The Corps of Engineers and Celilo Falls: Facing the Past, Looking to the Future

By Fredlund, Diana | Oregon Historical Quarterly, Winter 2007 | Go to article overview

The Corps of Engineers and Celilo Falls: Facing the Past, Looking to the Future


Fredlund, Diana, Oregon Historical Quarterly


ON THE MORNING OF MARCH 10, 1957, U.S. Army Corps of Engineers Portland District commander Col. Jackson Graham changed the character of the Columbia River. By closing the gates of the newly completed Dalles Dam, Graham started filling the reservoir that would form behind the 130400t tall structure, inundating Celilo Falls about ten miles to the east. On hand to witness the event were local, state, and federal officials who hailed the dam as an important component of hydropower production in the Pacific Northwest. Another group was also keenly aware of the event, but they watched the rising water with tears, not pride or satisfaction. Native Americans who lived near the falls at Celilo Village and fished the Columbia River knew their lives would never be the same.

Celilo Village was one remnant of a place that had historically been the economic, cultural, and spiritual center for mid-Columbia River tribes. Prior to construction of the dam, the nearby falls supported the fishing activities of some five thousand Indians. (1)

By the morning of March ii, Celilo Falls had slipped beneath the rising river, silencing a roar that had been heard in the region for thousands of years. Along with the falls, what remained of the original Celilo Village was inundated. During the final months of dam construction, the Corps had relocated residents to nearby communities or to a new village on the south side of the railroad tracks about a mile away.

MID-COLUMBIA RIVER INDIANS--groups of which became the Nez Perce Tribe, the Confederated Tribes of the Umatilla Indian Reservation, the Confederated Tribes of the Warm Springs Reservation, and the Confederated Tribes and Bands of the Yakama Indian Nation--negotiated treaties with the United States in 1855 in which they retained their right to take fish at all their "usual and accustomed places," many of which were located near Celilo Falls on the Columbia River. (2) By the 1930s, hydropower had become a popular source of electricity, and the Corps saw rivers in the Pacific Northwest as excellent candidates for hydroelectric dams. Bonneville Dam was the first of a series of federal dams on the Columbia and Snake rivers that was authorized by the United States Congress. President Franklin Roosevelt presided over Bonneville's dedication in 1937. A devastating flood in 1948 destroyed the town of Vanport, Oregon, and residents of the region saw flood protection as another potential benefit of dams. The Dalles Dam was the next project completed by the Corps.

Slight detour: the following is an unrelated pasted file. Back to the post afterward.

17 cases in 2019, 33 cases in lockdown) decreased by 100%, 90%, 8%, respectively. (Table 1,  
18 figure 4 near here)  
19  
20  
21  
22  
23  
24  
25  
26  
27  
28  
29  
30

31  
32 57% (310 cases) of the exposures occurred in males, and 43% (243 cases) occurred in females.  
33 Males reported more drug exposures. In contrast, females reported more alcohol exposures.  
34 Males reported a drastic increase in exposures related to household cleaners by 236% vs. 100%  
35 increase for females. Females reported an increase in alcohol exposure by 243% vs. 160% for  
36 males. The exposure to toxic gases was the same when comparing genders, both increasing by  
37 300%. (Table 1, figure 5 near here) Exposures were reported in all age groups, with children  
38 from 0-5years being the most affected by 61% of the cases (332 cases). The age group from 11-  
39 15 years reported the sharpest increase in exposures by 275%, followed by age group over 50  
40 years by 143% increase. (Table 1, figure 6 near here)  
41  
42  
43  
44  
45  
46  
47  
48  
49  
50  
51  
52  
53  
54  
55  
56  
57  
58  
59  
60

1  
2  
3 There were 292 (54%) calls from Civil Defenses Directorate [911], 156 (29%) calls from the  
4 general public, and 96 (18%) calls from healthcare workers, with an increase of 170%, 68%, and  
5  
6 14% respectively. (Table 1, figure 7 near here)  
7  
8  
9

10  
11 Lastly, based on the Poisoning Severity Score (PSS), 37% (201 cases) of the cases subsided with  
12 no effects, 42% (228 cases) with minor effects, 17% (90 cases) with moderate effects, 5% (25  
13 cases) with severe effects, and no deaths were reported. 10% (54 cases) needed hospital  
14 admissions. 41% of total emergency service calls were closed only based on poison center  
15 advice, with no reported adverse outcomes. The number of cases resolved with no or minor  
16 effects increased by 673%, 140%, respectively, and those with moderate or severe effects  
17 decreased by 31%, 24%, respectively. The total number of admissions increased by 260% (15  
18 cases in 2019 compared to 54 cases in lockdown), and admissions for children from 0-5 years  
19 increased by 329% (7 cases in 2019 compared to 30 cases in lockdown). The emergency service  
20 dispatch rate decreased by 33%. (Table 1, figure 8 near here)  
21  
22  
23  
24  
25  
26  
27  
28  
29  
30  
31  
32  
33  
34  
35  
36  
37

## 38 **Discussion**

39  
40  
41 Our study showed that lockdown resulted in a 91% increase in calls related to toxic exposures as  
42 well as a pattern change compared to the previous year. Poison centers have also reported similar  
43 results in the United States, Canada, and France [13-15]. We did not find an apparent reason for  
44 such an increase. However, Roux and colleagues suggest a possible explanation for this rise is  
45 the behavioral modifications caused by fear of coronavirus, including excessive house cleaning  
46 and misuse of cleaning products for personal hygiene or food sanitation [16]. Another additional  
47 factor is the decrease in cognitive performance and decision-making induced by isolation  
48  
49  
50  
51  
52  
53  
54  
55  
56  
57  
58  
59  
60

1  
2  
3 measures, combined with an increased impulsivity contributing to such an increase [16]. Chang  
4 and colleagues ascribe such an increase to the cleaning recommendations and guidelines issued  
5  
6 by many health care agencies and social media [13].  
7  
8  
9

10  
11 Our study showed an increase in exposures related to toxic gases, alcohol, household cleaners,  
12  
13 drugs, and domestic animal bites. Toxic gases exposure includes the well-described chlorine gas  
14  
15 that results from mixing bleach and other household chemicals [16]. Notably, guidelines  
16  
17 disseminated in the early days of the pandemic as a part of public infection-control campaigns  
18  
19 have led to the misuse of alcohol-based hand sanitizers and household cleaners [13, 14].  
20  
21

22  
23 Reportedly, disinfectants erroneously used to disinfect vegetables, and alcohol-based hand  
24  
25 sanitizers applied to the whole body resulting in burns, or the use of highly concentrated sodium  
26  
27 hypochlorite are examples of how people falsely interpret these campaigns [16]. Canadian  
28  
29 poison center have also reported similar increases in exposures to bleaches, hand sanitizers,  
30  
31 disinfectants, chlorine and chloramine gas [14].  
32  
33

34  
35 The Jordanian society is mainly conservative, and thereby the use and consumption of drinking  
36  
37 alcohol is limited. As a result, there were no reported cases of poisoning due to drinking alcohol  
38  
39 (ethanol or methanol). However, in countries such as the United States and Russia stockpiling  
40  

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Both Bonneville and The Dalles dams had major impacts on the lives of Indians living along the river. When the pool behind Bonneville Dam filled in 1938, Native people lost about forty of their "usual and accustomed" fishing sites. The Dalles Dam destroyed many more fishing sites and forced Celilo Village's relocation.

In 1948, during construction of The Dalles Dam, the federal government acquired land about a quarter-mile east of the original village and built replacement homes using World War II surplus housing. Because the Corps was constructing the dam, the U.S. government charged it with relocating communities that would be inundated when the reservoir filled, including Celilo Village. The poor quality of construction materials and inadequate maintenance at the relocated villages caused structures to badly deteriorate, leaving residents without water or sewer access and with sanitary conditions that violated federal and state statutes and also endangered public health and safety.

IN 1988, OVER THIRTY YEARS after The Dalles Dam flooded Celilo, President Ronald Reagan signed Public Law 100-581, authorizing and requiring specific actions by the federal government to uphold earlier promises made to the four tribes. Those actions included improving boat docks, boat ramps, and camping sites as well as constructing fish cleaning, curing, and ancillary facilities at what are termed "in-lieu sites"--five sites authorized and constructed in lieu of lost fishing sites during Bonneville Dam construction--and at "treaty sites"--twenty-six new sites authorized to meet acreage objectives that had been established in earlier agreements between the government and the tribes but never met. …

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